Medicare beneficiaries who underwent Roux-en-Y gastric bypass (RYGB) saw a 73% higher risk for nonvertebral fractures compared with those who underwent adjustable gastric banding (ABG) (adjusted HR 1.73, 95% CI 1.45-2.08), Elaine Yu, MD, of Massachusetts General Hospital in Boston, and colleagues wrote in JAMA Surgery.
Roux-en-Y patients saw a fracture incidence rate of 6.6 (95% CI 6.0-7.2) per 1,000 person-years during the average 3.3-year follow-up, while gastric banding patients saw a 4.6 (95% CI 3.9-5.3) incidence rate in the 4 years following surgery.
This elevated fracture risk after Roux-en-Y versus gastric banding was mainly driven by an elevated risk for hip and wrist fractures:
- Hip fracture: HR 2.81 (95% CI 1.82-4.49)
- Wrist fracture: HR 1.70 (95% CI 1.33-2.14)
- Pelvis fracture: HR 1.48 (95% CI 1.08-2.07)
“Thus, although bariatric surgery is associated with myriad health benefits, increased fracture risk is an important factor to discuss with patients seeking RYGB, and aggressive management of bone health (e.g., bone density scans, calcium and vitamin D supplementation and physical activity) is warranted,” Yu’s group wrote.
They also highlighted clinical practice guidelines for nonsurgical support of bariatric surgery patients, which recommend lifelong 1,200-1,500 mg daily of calcium citrate and at least 3,000 units a day of vitamin D supplements after all types of bariatric surgery, including gastric bypass and banding.
The retrospective analysis included over 42,000 Medicare beneficiaries with severe obesity (BMI ≥40). Nearly 30,000 underwent Roux-en-Y and almost 13,000 underwent gastric banding. Patient data was collected using Part A, Part B, and Part D Medicare claims. The cohort included beneficiaries age 65 and older, individuals younger than 65, but with certain types of disabilities — including obesity-related musculoskeletal, respiratory, or cardiovascular disabilities — as well as individuals with end-stage renal disease requiring dialysis or a transplant.
There were 658 total fracture events during the follow up period, the authors said. RYBG patients tended to be slightly younger, with an average age of 51 compared with an average age of 55 for gastric banding patients. Women accounted for over 75% of both surgical groups.
When calculating hazard ratios, the researchers adjusted for several demographic and clinical factors, some of which included osteoporosis status, prior fractures, heart disease, stroke history, and use of several medications such as oral glucocorticoids and insulin.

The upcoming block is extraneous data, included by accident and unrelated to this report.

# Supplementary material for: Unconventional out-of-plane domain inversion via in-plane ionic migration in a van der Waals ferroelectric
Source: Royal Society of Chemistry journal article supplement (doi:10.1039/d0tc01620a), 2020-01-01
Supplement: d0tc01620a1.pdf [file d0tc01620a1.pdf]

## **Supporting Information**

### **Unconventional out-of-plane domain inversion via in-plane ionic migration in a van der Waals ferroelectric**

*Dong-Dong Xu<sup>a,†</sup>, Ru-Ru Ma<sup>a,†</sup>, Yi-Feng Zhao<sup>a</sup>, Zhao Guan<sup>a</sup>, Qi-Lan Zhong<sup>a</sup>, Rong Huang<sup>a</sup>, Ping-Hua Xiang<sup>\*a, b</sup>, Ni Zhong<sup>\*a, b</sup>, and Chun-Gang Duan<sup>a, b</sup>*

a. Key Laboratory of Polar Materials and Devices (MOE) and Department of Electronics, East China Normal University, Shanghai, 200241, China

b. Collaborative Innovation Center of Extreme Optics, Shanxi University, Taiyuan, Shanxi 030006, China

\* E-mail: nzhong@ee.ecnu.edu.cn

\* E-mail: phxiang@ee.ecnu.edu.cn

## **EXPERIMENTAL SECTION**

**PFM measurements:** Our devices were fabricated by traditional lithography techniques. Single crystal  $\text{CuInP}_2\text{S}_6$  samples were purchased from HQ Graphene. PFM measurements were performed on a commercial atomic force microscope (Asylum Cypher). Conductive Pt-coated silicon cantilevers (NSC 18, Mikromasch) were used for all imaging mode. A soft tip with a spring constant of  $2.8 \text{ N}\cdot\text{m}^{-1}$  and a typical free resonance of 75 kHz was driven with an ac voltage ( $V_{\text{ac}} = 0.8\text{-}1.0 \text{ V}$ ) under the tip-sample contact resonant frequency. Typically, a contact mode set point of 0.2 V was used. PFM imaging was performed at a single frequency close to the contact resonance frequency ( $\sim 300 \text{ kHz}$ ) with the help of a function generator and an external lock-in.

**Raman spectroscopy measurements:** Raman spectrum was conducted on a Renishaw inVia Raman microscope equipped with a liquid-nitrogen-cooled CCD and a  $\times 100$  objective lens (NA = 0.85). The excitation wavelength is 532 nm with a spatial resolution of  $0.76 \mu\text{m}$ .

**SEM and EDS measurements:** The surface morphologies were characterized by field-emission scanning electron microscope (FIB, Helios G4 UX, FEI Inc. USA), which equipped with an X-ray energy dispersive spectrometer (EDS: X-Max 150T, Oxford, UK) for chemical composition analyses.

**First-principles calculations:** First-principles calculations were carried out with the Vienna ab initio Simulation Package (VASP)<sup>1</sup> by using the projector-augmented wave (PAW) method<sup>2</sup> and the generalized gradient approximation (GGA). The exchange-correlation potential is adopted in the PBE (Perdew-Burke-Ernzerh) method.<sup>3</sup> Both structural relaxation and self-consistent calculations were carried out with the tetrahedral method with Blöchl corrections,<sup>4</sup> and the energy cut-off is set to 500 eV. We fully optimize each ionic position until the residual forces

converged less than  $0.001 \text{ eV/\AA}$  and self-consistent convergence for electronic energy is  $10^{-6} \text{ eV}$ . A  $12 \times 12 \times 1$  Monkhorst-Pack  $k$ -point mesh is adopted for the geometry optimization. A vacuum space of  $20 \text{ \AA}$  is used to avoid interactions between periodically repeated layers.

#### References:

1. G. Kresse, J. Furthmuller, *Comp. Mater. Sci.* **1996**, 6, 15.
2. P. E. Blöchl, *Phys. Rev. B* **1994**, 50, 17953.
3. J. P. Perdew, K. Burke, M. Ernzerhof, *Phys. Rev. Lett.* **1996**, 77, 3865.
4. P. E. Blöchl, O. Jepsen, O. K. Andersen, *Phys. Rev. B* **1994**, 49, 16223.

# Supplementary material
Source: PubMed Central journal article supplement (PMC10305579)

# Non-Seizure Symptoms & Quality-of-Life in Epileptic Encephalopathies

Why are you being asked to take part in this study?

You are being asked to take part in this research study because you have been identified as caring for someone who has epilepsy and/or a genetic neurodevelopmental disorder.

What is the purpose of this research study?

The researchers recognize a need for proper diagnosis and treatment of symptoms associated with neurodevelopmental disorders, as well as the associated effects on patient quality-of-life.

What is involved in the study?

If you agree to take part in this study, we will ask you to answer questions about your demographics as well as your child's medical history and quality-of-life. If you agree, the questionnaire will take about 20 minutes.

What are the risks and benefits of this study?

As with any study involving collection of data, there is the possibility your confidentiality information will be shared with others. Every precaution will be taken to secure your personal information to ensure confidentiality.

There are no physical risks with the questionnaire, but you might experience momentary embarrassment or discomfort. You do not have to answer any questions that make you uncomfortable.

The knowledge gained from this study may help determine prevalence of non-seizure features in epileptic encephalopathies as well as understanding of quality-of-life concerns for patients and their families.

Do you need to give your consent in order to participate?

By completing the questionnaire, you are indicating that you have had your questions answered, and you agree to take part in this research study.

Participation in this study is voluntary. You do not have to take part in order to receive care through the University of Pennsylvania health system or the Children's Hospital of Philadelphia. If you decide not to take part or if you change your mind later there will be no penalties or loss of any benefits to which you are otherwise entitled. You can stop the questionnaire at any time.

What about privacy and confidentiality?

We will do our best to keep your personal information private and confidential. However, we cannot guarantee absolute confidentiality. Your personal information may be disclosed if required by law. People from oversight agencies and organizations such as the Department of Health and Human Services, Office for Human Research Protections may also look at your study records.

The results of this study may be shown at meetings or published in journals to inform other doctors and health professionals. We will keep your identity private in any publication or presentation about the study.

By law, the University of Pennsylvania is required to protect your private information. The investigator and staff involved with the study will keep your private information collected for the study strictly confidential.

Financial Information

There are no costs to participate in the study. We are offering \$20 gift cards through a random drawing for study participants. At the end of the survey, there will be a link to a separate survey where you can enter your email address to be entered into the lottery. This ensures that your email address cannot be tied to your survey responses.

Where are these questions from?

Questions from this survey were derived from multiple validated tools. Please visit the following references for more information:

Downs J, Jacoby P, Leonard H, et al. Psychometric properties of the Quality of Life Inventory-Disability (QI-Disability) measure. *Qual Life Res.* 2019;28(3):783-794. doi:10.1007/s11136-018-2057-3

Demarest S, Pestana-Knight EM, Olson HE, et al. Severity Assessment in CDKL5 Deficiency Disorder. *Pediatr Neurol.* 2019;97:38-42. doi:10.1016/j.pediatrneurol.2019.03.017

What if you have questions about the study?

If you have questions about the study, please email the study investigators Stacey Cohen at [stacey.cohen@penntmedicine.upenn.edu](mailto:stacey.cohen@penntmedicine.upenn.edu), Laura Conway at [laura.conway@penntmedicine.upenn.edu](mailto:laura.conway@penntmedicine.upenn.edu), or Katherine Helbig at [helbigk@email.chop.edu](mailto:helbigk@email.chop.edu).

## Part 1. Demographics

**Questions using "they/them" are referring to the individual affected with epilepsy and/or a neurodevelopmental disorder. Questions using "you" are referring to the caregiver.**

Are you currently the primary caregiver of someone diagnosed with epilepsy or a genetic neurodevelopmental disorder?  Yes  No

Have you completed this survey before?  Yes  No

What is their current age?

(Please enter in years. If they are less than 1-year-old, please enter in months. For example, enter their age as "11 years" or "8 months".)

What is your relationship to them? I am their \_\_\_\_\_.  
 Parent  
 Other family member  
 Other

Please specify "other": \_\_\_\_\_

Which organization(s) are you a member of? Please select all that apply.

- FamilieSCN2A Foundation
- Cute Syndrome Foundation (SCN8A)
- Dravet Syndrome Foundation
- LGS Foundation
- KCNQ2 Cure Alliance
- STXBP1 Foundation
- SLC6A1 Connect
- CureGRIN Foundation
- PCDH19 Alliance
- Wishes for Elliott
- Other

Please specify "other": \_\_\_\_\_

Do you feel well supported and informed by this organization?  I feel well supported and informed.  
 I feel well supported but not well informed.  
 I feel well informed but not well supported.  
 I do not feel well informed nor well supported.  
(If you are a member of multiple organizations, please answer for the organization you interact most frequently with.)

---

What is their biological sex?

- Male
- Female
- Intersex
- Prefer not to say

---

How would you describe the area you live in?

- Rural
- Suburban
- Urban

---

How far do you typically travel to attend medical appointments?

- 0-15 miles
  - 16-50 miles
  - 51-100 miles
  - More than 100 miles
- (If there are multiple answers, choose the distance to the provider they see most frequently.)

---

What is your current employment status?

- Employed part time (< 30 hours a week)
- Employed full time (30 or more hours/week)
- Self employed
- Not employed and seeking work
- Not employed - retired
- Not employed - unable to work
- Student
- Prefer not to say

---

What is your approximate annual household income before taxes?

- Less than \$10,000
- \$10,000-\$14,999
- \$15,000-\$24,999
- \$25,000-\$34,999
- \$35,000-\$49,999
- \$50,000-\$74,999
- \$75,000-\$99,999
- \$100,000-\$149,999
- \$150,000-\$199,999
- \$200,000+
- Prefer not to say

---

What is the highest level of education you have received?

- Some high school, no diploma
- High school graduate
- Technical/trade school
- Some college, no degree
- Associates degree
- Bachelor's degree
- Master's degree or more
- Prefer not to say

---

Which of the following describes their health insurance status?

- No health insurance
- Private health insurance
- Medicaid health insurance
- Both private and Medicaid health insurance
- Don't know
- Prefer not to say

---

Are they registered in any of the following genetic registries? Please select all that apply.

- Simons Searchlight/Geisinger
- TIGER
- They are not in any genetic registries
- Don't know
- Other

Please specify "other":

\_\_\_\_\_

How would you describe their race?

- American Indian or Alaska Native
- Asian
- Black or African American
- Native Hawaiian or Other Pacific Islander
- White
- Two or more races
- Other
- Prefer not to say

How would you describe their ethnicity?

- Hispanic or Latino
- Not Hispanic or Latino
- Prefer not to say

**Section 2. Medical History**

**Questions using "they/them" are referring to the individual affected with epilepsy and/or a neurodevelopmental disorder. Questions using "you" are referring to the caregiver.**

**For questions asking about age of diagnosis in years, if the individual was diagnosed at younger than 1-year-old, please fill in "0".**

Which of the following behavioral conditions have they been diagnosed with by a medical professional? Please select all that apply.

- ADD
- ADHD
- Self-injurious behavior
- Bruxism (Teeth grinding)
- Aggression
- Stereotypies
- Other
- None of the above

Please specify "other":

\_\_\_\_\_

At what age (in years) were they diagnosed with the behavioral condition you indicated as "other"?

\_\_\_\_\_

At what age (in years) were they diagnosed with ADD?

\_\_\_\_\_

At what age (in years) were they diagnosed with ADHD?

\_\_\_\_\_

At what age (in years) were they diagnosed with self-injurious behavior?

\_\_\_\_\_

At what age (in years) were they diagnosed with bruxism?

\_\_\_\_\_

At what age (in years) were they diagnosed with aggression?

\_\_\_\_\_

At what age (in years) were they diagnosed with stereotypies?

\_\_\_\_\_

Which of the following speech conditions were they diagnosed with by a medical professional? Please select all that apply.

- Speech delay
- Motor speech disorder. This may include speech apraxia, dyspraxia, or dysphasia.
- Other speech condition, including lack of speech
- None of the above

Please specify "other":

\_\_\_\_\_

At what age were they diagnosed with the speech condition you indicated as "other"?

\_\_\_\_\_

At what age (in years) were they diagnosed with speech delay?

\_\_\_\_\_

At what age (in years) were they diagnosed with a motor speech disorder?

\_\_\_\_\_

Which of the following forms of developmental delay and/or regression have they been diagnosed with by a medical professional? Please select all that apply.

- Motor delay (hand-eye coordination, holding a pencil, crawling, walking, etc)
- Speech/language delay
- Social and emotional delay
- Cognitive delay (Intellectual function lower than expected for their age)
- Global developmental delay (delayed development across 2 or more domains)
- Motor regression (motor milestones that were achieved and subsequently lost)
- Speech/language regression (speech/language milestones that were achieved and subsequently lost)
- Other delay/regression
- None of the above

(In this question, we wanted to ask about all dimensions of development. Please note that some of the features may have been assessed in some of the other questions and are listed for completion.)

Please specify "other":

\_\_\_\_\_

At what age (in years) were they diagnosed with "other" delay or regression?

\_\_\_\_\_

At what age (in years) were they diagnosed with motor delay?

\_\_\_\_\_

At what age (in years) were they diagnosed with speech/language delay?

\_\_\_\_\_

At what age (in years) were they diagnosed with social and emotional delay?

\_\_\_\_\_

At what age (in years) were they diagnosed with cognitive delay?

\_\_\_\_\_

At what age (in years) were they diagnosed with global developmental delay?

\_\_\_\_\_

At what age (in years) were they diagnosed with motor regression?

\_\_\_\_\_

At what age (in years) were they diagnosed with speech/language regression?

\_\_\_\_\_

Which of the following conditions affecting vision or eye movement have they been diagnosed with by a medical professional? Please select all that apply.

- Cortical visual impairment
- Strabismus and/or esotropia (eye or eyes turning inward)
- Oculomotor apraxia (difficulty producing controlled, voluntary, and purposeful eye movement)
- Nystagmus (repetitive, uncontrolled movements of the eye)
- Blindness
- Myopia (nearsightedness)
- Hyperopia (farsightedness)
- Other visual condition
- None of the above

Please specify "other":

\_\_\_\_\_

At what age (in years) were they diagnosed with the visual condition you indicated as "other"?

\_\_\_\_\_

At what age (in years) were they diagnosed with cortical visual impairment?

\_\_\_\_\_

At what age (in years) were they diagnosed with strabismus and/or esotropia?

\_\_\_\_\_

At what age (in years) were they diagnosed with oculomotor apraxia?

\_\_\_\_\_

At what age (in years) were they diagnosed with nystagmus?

In a subanalysis restricted only to patients age 65 and older, results were comparable to the entire cohort, with an increased risk for nonvertebral fracture (HR 1.75, 95% CI 1.22-2.52) in RYBG patients versus gastric banding. Similarly, this risk was mainly driven by hip fracture (HR 2.51, 95% CI 1.25-5.93).
In an accompanying commentary, Margaret Smith, MD, and Amir Ghaferi, MD, both of the University of Michigan in Ann Arbor, praised the authors for quantifying one of the “unintended consequences” of bariatric surgery and shifting focus to long-term outcomes and management of these patients. However, they noted that one significant limitation to the analysis was the exclusion of sleeve gastrectomy — now the most popular form of bariatric surgery. In the same vein, comparing Roux-en-Y to adjustable gastric banding, which they describe as a “a rapidly declining operation” therefore “adds minimal relevant information to conversations with patients on the risk of [RYGB].” Instead, they recommended a future study comparing fracture risk after Roux-en-Y to sleeve gastrectomy.
Smith and Ghaferi also noted that, despite the researchers identifying this increased fracture risk with Roux-en-Y, “the clinical effect of minimal absolute differences in fractures is likely insignificant.”
“For example, despite a hazard ratio of 2.81, only 103 patients undergoing RYGB (0.4%) experienced a hip fracture compared with 25 (0.2%) of the ABG cohort,” the commentators said.
The study was supported by grants from the National Institutes of Health, and the Clinical Scientist Development Award from the Doris Duke Charitable Foundation.
Yu reported grants to Massachusetts General Hospital from Seres Therapeutics for unrelated studies. Kim reported receiving research grants to Brigham and Women’s Hospital from Pfizer, Bristol-Myers Squibb, and Roche for unrelated studies. No other conflicts were reported.
Commentary author Smith reported grant support from the National Institute of Health’s Obesity Surgery Scientist Training Grant. Ghaferi reported grant support from the Agency for Healthcare Research and Quality and a Patient-Centered Outcomes Research Institute Award, and receives salary support from Blue Cross Blue Shield of Michigan as the director of the Michigan Bariatric Surgery Collaborative.